Pedestrianisation of cities is an increasingly popular initiative to remove cars from the road and return the public space to pedestrians. In many cases, pedestrianisation is usually localised to small parts of the city centre however nine cities in particular highlight cases where they have taken it a step further and created car-free street networks.
Promoting active mobility, such as walking and cycling, complements the health benefits gained from reducing air pollution. The stories of these towns and cities can provide a case for other locations to start revolutionising their transport infrastructure.
Situated in the north-western corner of Spain, this municipality of 80,000 inhabitants stands as a resounding success story of pedestrianisation. Transformation started in 1999 under the ongoing leadership of Mayor Miguel Anxo Fernandez Lores, and was soon hailed as the 'trailblazer of Europe's car-free movement', having received much recognition. The most recent vehicle fatality occurred back in 2011 (an isolated incident involving a delivery van), solidifying its reputation as arguably the safest pedestrian-oriented locale in Spain.
Venice's historic core stands as a car-free haven on its narrow streets. This absence of vehicles is not only practical given the city's layout, but it also establishes Venice as Europe's largest pedestrian-only urban expanse. Characterised by 438 bridges, 183 canals, and a labyrinth of narrow alleyways, Venice relies predominantly on its iconic gondola boats for mobility.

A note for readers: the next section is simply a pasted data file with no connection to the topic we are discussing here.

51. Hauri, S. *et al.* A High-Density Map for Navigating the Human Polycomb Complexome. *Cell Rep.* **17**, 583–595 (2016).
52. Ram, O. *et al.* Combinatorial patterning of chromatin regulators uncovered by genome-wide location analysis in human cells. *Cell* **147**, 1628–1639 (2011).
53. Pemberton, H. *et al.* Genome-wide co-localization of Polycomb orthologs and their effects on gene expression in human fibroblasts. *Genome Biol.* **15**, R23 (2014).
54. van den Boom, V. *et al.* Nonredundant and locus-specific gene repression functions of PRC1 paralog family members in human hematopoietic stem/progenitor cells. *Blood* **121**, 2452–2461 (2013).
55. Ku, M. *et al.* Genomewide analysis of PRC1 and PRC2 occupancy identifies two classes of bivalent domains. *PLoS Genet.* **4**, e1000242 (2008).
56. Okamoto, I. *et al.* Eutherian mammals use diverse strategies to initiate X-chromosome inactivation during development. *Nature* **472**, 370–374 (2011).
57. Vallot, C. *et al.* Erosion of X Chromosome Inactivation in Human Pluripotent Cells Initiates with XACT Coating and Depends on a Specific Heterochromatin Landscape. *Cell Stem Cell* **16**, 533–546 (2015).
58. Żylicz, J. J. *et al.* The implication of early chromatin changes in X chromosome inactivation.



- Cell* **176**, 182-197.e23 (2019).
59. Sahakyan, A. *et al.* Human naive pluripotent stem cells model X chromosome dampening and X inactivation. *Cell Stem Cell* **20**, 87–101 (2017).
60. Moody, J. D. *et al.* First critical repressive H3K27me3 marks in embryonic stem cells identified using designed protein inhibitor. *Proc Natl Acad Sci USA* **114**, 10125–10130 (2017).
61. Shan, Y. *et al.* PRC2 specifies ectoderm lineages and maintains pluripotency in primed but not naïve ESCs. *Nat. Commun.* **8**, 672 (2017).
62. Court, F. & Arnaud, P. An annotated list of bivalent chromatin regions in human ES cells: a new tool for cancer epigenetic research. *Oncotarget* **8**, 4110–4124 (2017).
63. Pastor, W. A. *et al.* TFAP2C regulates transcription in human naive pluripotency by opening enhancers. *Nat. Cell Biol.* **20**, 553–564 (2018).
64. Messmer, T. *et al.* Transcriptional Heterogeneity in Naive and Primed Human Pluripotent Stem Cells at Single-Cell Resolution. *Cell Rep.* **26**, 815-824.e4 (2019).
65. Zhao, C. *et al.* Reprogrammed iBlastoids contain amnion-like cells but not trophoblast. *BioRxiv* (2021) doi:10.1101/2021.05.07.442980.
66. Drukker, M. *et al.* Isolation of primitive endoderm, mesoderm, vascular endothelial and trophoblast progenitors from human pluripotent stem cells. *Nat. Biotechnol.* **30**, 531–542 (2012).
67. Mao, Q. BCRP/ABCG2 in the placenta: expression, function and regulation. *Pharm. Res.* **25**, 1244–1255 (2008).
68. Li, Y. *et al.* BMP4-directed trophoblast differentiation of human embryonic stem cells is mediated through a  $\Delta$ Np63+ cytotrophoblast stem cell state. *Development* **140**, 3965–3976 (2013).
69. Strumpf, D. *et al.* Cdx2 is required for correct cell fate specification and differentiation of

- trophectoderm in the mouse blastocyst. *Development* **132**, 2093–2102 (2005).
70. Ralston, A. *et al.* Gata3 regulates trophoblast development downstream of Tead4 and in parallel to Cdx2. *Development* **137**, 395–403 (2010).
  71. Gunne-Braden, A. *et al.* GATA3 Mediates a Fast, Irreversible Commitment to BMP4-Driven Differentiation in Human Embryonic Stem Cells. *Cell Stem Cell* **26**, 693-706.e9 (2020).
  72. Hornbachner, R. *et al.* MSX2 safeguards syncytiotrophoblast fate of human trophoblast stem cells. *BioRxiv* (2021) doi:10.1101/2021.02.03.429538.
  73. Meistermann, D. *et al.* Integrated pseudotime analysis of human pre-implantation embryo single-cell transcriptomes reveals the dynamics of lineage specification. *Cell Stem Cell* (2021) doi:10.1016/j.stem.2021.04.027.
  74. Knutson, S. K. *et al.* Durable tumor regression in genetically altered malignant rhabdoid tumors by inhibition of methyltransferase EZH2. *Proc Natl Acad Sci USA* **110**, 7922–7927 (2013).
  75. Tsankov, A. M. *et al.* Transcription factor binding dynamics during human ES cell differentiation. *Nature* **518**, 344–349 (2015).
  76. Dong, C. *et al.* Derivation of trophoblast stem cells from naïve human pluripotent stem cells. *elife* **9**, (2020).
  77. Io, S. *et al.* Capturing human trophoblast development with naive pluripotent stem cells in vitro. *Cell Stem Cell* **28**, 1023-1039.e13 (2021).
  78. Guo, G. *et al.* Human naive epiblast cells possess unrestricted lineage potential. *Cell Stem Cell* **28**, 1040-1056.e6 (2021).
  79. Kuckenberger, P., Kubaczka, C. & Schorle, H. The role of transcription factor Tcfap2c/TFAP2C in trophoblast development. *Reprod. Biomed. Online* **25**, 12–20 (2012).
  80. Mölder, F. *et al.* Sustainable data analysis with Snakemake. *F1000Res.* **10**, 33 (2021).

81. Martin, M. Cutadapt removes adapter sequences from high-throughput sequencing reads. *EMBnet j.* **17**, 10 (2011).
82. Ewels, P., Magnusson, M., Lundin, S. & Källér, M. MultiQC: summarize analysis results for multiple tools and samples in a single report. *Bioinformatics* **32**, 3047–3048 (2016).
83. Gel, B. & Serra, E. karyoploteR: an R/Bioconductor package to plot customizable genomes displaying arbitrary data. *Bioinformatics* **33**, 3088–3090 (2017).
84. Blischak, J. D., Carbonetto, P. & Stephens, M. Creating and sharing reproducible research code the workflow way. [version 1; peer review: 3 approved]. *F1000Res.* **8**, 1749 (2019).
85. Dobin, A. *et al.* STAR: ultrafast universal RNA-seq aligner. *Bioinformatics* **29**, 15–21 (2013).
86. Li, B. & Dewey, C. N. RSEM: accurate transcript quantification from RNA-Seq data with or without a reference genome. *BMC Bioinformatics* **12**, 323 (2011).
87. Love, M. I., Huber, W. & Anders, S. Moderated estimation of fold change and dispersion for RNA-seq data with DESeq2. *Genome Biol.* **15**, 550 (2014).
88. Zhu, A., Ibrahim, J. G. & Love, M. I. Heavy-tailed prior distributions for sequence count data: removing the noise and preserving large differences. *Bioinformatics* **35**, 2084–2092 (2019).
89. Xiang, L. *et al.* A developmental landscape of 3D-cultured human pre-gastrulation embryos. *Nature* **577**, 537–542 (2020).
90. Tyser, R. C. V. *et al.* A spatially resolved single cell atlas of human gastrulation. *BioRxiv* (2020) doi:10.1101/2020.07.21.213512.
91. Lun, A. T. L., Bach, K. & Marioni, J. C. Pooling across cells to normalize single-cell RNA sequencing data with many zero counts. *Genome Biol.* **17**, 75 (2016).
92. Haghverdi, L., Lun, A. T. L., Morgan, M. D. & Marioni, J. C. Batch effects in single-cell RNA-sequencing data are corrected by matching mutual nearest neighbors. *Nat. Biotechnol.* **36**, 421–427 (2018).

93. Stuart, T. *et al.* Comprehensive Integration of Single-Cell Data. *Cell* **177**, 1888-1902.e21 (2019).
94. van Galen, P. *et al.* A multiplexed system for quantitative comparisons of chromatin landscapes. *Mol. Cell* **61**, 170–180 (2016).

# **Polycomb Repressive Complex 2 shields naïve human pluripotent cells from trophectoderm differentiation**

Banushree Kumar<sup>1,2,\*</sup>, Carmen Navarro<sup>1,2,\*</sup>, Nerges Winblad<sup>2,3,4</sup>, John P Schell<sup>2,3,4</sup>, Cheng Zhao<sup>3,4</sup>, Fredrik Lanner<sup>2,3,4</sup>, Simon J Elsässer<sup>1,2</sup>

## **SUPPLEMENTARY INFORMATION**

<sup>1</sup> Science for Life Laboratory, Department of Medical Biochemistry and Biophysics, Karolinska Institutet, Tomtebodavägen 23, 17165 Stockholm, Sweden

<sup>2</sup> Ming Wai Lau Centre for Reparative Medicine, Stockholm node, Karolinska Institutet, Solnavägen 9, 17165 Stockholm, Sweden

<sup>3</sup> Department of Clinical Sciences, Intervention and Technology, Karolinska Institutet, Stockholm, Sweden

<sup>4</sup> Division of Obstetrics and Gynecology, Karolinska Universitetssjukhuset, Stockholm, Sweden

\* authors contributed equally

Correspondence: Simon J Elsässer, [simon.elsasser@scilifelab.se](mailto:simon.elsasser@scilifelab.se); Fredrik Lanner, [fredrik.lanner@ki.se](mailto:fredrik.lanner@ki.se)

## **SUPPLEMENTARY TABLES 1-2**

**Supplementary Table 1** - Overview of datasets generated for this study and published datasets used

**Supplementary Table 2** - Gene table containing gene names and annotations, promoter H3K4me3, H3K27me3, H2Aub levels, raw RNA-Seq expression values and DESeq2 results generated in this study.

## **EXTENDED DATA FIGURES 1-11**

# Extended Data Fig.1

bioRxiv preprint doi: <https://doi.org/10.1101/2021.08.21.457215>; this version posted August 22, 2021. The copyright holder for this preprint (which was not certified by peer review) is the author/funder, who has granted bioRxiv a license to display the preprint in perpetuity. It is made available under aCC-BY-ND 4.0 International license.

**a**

Similarly to Venice, Giethoorn is distinguished by its canals, however you are allowed to cycle here. Boats and bicycles provide all the necessary transportation to get around this village.
The picturesque town of Hallstatt is car-free so you can enjoy its beauty without the sound and air pollution of busy car traffic. Instead, visitors and staff can park in the outskirts of this UNESCO World Heritage site.
Rovinj is believed to be Croatia's largest pedestrian zone, encompassing the entire medieval town with its cobblestone alleys.
Loutro is a tiny village on the island of Crete with only 300 residents, and the only way to reach it is either by boat or foot.
Civita di Bagnoreggio, Italy
Perched atop a hill, Civita di Bagnoreggio used to be wholly reliant on donkeys who could carry trade across the thin footbridge. Donkeys have now been swapped for mopeds which now carry out the delivery needs of the town.
In opposition to the some of the towns and cities on this list, being car-free in this town is not a feature of its medieval constraints, but a design feature where the Catholic University wanted a place for academia and youthful spirit to flourish. Visitors can park in an underground parking space a ten-minute walk out of town.
Obidos has its origins in the Middle Ages and was designed to be walled and narrow to hamper the efforts of any invaders. Like with most of the locations on this list, you can visit without the worries of traffic.
You can read the original article on TheMayor.
- Publication date
- 31 August 2023
- Urban Vehicle Access Regulations